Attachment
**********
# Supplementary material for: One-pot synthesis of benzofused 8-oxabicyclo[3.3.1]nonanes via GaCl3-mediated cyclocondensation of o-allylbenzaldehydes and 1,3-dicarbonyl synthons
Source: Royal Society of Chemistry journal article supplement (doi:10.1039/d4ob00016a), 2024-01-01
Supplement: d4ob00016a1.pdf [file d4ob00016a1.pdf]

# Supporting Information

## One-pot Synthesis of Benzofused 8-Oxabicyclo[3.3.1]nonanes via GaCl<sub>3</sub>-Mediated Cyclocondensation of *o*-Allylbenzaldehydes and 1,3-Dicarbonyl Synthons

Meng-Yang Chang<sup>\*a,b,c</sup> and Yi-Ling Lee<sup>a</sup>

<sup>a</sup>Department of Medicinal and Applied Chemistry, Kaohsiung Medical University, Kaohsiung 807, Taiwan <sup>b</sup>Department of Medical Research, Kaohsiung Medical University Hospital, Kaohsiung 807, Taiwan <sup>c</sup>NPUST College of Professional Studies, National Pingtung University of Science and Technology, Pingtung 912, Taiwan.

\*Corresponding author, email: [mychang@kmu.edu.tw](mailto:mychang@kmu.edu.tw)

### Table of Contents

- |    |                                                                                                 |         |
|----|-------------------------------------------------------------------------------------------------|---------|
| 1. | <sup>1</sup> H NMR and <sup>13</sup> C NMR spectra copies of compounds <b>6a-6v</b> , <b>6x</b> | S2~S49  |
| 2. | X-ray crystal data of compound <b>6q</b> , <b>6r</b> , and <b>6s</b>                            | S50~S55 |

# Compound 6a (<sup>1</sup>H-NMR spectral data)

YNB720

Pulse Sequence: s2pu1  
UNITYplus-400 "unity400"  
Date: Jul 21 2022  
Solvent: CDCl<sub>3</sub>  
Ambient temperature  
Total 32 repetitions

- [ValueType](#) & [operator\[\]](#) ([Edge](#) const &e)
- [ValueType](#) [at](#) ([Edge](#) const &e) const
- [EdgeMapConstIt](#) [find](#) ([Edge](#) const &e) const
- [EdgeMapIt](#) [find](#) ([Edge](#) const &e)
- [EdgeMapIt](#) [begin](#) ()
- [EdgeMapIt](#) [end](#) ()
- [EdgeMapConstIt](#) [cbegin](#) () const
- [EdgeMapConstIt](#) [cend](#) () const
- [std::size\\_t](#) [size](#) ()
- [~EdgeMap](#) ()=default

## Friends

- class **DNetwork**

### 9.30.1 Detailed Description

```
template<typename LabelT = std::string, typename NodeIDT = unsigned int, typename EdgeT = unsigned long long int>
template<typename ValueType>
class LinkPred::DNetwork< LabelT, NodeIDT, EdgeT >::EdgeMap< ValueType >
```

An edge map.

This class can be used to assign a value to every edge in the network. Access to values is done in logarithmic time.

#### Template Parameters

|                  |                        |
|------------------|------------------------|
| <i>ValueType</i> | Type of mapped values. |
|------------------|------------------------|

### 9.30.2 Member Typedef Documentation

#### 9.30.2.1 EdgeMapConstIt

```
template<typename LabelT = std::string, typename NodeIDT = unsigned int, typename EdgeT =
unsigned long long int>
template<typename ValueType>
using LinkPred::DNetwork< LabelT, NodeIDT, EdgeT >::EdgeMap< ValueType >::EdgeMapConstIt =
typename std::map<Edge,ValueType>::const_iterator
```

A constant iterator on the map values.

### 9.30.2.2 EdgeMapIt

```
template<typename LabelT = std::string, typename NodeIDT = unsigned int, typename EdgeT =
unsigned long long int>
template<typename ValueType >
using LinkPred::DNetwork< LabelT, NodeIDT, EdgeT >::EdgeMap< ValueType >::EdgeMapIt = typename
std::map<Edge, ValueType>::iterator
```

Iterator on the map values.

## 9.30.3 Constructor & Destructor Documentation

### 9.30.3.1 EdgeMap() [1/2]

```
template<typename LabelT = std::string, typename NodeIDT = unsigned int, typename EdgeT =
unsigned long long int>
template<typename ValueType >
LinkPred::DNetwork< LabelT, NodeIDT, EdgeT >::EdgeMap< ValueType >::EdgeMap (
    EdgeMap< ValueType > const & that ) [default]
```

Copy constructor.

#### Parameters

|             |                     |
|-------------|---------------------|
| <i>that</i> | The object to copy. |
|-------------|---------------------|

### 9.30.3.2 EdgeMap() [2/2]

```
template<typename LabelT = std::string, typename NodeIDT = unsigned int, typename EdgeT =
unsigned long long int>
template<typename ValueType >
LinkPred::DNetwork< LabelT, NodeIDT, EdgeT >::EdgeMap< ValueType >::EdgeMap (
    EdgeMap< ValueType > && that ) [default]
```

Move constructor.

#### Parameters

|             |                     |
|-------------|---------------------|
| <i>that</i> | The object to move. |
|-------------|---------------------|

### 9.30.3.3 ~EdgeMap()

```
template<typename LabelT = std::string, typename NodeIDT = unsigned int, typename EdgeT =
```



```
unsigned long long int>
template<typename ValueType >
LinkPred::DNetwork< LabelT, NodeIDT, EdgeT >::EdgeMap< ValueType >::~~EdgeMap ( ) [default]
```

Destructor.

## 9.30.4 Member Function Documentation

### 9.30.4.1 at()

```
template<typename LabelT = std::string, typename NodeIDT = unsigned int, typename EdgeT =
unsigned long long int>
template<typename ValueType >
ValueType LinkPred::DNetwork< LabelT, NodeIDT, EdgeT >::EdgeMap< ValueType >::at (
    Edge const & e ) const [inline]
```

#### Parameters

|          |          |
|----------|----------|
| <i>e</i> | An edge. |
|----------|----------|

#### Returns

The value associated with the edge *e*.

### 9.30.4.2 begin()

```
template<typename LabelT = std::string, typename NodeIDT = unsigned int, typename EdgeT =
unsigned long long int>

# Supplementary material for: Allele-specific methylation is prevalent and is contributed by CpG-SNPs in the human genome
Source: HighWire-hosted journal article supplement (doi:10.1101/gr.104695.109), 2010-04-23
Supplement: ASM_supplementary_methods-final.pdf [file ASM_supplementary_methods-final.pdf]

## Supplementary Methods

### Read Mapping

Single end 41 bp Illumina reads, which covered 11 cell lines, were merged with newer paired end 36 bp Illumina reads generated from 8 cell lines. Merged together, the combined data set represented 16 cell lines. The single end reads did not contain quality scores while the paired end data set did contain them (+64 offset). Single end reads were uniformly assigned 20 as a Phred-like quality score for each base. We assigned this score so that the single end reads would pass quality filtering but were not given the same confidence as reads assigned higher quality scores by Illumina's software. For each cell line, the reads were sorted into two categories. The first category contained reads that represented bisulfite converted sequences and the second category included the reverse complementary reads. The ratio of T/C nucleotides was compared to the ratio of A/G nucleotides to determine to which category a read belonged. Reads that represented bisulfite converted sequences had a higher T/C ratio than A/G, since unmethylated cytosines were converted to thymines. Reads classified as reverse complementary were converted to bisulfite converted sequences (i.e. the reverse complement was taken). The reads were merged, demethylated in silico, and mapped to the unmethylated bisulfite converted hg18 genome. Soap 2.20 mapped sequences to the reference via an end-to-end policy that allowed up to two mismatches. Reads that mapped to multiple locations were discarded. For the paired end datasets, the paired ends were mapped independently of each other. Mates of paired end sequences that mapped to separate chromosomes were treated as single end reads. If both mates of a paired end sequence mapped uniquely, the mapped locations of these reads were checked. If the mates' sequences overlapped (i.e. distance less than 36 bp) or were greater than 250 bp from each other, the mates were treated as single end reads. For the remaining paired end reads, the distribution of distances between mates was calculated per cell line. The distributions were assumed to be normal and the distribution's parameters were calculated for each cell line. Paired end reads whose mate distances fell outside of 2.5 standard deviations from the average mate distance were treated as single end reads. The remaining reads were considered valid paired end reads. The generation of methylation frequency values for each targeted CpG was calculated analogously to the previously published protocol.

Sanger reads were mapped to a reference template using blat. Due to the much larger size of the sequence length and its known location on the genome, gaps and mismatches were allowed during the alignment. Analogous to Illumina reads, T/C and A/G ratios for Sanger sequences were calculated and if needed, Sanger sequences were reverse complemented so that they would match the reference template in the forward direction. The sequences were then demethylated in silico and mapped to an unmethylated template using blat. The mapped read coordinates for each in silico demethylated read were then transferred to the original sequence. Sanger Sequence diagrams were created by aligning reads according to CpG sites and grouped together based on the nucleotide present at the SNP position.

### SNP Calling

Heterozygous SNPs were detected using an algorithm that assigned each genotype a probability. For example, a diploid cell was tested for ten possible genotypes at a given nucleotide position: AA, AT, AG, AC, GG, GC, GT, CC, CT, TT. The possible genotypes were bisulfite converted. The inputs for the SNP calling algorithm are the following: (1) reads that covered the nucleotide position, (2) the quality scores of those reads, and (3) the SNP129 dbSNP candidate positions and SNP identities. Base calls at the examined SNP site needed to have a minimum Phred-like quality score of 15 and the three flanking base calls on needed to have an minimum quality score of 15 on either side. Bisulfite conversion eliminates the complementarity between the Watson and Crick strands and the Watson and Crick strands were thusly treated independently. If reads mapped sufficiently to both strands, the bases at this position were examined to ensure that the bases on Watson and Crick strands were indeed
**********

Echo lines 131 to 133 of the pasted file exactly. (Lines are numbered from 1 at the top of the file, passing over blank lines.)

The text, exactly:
Sanger reads were mapped to a reference template using blat. Due to the much larger size of the sequence length and its known location on the genome, gaps and mismatches were allowed during the alignment. Analogous to Illumina reads, T/C and A/G ratios for Sanger sequences were calculated and if needed, Sanger sequences were reverse complemented so that they would match the reference template in the forward direction. The sequences were then demethylated in silico and mapped to an unmethylated template using blat. The mapped read coordinates for each in silico demethylated read were then transferred to the original sequence. Sanger Sequence diagrams were created by aligning reads according to CpG sites and grouped together based on the nucleotide present at the SNP position.

### SNP Calling

Heterozygous SNPs were detected using an algorithm that assigned each genotype a probability. For example, a diploid cell was tested for ten possible genotypes at a given nucleotide position: AA, AT, AG, AC, GG, GC, GT, CC, CT, TT. The possible genotypes were bisulfite converted. The inputs for the SNP calling algorithm are the following: (1) reads that covered the nucleotide position, (2) the quality scores of those reads, and (3) the SNP129 dbSNP candidate positions and SNP identities. Base calls at the examined SNP site needed to have a minimum Phred-like quality score of 15 and the three flanking base calls on needed to have an minimum quality score of 15 on either side. Bisulfite conversion eliminates the complementarity between the Watson and Crick strands and the Watson and Crick strands were thusly treated independently. If reads mapped sufficiently to both strands, the bases at this position were examined to ensure that the bases on Watson and Crick strands were indeed